Once upon a time, St. Ansgarius Lutheran Church could be found on the corner of Secord and Cornwall streets. The name, St. Ansgarius was after St. Ansgar, the “Apostle of the North”, who built Sweden’s first Christian Church.
The wooden structure illustrated a distinctive Gothic Revival style. Its beautiful steeple was adorned with a cross on top, and mini rounded finials on each of the four spires. Four vented louvres with ornamental quatrefoil and key hole cut outs surrounded the steeple, prominently emphasizing strong Christian symbolism.
St. Ansgarius has a bizarre history, and has been relatively challenging to research. The church began in 1906 with St. John’s Anglican Church developing the first, and last Swedish Mission in Canada. Apparently for years, Port Arthur Swedes and Norwegians were registering their sacraments without any sort of organization based on their affiliated congregation. Thus the divide between Swedish Baptists and Anglicans developed.
As part of this new Anglican Mission, a Finnish/Swedish Pastor named Knute S. Totterman was sent to Port Arthur to establish the new church. Prior to moving to Port Arthur, Totterman had been ordained by the Episcopal Church, and served in Duluth at St. Peter’s Swedish Episcopal Church, which he helped build and encouraged an active congregation. St. Peter’s was located on a corner lot, with clapboard siding and a tall square tower with steeple over the front entrance and also included Gothic-style lancet windows. Is this church sounding at all familiar?
Upon leaving Duluth, Totterman was assigned to Port Arthur, where he was immediately met with hostility from the Swedish Lutherans and the Finnish community. He made waves, and openly criticized Finlanders of the area. In a public letter, he accused the Finnish society of practicing the doctrine of free love and Socialism. Additionally he went against his Bishop’s instruction and was determined to raise funds to build a church on the corner property of 179 Secord Street. He was successful in the collection of funds and triumphed with a new structure, but somehow was unable to maintain funding to sustain his church and congregation. Times became tough, money was scarce, and suddenly so was Totterman!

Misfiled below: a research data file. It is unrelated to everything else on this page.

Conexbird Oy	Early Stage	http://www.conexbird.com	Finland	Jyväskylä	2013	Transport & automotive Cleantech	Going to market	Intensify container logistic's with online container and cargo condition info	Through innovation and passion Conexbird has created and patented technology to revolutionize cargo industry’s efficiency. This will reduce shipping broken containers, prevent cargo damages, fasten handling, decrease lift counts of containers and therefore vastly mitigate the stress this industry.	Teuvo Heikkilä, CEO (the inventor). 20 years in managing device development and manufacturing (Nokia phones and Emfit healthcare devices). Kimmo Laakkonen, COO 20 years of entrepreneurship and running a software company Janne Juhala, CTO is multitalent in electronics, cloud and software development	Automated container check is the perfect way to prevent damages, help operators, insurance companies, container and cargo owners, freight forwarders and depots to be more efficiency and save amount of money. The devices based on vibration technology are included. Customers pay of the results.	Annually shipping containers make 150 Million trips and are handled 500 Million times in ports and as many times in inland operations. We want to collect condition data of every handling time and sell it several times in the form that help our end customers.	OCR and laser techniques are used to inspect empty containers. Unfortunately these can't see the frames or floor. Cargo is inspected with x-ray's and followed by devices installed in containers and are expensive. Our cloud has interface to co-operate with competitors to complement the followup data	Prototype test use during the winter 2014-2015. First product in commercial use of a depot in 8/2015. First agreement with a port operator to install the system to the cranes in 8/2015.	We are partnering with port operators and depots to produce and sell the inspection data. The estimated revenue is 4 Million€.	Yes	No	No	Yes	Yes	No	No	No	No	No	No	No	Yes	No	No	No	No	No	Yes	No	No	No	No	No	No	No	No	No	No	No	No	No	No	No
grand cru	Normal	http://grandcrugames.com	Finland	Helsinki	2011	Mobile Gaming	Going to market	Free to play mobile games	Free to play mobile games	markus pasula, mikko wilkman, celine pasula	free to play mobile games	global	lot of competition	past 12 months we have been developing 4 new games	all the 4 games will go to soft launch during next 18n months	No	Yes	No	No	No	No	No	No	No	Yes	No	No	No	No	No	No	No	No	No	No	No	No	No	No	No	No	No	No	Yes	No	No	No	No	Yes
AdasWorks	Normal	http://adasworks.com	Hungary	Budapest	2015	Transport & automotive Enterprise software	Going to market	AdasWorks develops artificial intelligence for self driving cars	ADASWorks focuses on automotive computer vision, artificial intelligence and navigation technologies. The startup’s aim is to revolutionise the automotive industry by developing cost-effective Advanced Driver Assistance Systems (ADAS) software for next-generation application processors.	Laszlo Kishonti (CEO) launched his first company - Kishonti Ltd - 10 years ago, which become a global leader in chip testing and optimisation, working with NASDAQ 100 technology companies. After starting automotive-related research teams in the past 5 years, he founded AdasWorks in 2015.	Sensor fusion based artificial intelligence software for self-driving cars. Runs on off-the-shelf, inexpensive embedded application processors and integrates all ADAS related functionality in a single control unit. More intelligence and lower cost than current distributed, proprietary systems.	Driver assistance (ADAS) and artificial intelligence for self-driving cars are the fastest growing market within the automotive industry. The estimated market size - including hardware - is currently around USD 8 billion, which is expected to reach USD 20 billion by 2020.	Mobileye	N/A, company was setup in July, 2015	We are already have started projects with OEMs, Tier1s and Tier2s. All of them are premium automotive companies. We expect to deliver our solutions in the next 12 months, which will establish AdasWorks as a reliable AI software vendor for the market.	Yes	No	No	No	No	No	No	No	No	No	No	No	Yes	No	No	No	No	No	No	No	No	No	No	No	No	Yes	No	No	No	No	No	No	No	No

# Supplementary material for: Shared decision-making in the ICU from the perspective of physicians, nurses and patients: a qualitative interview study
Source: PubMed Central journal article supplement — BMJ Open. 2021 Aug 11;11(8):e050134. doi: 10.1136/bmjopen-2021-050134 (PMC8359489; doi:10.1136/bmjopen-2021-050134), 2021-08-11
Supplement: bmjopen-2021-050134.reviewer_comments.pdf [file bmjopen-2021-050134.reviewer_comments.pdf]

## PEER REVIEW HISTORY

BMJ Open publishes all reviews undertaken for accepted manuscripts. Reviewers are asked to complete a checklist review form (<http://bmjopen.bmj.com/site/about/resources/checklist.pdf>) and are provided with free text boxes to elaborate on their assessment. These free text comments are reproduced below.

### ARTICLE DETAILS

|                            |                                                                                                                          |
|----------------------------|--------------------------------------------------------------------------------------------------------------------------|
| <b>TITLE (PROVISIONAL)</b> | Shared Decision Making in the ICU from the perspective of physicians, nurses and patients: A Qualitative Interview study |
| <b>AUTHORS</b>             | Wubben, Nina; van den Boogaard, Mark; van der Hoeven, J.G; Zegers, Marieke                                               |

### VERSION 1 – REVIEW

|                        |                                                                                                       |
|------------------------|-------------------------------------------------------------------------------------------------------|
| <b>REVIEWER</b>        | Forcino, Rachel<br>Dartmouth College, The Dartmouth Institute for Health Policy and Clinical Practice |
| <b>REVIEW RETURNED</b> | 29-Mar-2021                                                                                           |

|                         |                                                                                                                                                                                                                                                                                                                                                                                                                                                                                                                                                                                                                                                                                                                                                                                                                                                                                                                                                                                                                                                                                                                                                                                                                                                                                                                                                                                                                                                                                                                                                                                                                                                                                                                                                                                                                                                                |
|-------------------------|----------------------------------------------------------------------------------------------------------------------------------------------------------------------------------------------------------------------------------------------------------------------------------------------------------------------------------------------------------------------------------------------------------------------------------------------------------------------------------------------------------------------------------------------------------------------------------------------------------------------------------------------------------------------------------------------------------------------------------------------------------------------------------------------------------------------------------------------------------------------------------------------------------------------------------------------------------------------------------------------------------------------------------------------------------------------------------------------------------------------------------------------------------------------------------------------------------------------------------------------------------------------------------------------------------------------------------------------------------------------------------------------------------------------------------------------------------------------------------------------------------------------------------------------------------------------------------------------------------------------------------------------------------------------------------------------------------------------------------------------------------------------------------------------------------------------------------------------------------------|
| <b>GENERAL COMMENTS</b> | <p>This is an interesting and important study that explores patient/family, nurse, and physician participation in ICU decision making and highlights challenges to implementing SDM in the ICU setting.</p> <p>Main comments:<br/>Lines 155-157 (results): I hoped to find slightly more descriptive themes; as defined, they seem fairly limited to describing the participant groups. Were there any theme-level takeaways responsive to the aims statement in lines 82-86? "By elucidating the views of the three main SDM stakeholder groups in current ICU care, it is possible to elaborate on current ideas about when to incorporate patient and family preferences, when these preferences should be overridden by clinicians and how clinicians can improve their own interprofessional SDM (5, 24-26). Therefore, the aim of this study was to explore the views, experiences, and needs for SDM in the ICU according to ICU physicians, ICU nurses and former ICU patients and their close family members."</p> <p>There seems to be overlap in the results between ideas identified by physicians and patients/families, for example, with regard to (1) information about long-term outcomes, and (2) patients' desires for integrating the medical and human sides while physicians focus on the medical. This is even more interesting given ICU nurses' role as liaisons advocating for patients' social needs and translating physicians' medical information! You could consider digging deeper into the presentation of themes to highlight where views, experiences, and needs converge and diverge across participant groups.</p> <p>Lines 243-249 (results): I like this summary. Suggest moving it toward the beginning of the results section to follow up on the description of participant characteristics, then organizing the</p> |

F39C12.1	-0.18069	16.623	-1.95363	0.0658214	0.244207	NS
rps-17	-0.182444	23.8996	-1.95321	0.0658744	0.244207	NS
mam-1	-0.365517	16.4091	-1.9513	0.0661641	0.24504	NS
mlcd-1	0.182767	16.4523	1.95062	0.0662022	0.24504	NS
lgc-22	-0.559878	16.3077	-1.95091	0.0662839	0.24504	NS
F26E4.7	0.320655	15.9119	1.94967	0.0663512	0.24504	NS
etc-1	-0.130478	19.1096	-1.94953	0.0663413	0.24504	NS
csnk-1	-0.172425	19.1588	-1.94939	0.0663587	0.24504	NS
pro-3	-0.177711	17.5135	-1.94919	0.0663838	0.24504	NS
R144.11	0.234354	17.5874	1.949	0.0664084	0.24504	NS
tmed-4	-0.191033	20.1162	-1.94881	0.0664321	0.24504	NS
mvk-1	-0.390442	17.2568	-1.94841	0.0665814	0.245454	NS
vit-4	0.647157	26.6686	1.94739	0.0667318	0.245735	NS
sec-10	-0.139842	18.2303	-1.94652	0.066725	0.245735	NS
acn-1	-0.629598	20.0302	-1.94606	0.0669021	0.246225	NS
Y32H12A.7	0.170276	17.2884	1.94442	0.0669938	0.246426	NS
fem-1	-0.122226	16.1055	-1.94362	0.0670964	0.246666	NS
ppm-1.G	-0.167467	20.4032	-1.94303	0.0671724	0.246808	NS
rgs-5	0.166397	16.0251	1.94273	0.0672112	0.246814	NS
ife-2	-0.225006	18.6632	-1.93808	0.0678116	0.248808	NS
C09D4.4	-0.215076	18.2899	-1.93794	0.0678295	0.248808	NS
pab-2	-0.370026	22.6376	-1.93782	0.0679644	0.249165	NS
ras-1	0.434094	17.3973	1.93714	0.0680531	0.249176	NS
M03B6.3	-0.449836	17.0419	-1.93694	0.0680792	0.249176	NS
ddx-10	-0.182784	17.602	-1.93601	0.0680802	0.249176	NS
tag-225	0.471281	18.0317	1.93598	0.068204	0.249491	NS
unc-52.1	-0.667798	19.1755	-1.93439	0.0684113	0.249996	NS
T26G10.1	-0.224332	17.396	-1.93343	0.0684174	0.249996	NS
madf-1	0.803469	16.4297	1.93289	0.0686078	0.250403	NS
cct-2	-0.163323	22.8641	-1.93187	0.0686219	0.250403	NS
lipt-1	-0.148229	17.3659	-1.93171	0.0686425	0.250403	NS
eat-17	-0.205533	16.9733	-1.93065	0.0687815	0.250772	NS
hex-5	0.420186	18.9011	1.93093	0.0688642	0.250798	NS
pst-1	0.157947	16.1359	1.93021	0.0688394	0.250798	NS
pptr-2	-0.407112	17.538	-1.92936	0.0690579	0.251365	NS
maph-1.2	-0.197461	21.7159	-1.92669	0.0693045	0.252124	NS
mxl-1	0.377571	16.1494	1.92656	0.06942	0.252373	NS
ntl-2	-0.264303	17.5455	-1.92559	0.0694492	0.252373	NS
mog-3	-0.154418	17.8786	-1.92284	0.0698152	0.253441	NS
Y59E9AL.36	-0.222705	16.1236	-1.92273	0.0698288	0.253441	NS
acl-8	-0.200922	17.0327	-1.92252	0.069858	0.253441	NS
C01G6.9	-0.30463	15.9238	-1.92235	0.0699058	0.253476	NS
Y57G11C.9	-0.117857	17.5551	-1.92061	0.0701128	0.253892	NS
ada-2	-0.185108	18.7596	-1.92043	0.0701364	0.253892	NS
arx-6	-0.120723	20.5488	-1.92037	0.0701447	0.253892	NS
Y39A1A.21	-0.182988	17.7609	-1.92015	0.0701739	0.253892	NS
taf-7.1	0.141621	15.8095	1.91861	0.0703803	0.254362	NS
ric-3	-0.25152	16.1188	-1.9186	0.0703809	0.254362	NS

In 1912, St. John’s sold “Totterman’s Church” to the Norwegian Lutheran Congregation, where it operated for several years before changing to, Our Saviour Lutheran Church and finally sold to the Secord Free Methodist Church – which would be the last place of worship these walls would see.
I’m guessing most people read my blog because they appreciate history, have a similar love for structures and the stories that go along with them. Lately I feel like I’ve been writing a lot about the things we USED to have, and it’s pretty damn depressing writing about things that no longer exist.
I took these photos knowing the church was going to be torn down, which made me even more morose. It felt wrong peeking through the mail slot to try and get some inside images, and I felt pretty ridiculous to feel badly for an inanimate object. But here’s the thing; I don’t feel badly for the building as a whole, I feel badly for our city and for our Swedish community who have lost a piece of their history.
I think what really pisses me off, was watching them tear down this church, but carefully remove the steeple (which I am sure was some health and safety reasoning). Only to land it safely on the ground, and proceed to tear into it; smashing it into tiny fucking pieces. Mind. Fucking. Blown. Also, if you’re the profanity Police, please do not leave any stupid comments, I’m too angry for a lecture about my language… again.
I cannot believe the steeple itself wasn’t saved from such destruction, or even the louvers or the spires? Would that have been something difficult to salvage or save for anything, I dunno … elaborate birdhouse? Lawn ornament? Wooden Hipster yurt? Anything?
The ironic and sad thing about this entire post is, I found a lot of my information from a book entitled: “Swedes in Canada: Invisible Immigrants”. Sadly our Swedish community is slowly becoming invisible from our sight via their structures, such as St. Ansgarius. A shittier realization is this; nothing is safe in this community from a wrecking ball or a bulldozer, because there seems to be zero respect, protection, advocation and maintenance of historical structures from the people who can make a difference.
Sure, it’s easy for me to write all of this, but it’s also a challenge for me to research, dig and justify why many of these structures are here, and what historical significance they’ve had on our city as a whole. Maybe I need to continue gathering information and keep blogging. I want more people to learn about our fascinating past, and become advocates and protectors of our history.
I suppose this wasn’t only a loss to the people of Thunder Bay; as I mentioned earlier on, this was the first and the last Swedish Mission ever in Canada, and we just tore it down.
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- Thunder Bay Archives
- Swedes in Canada: Invisible Immigrants, By Elinor Barr
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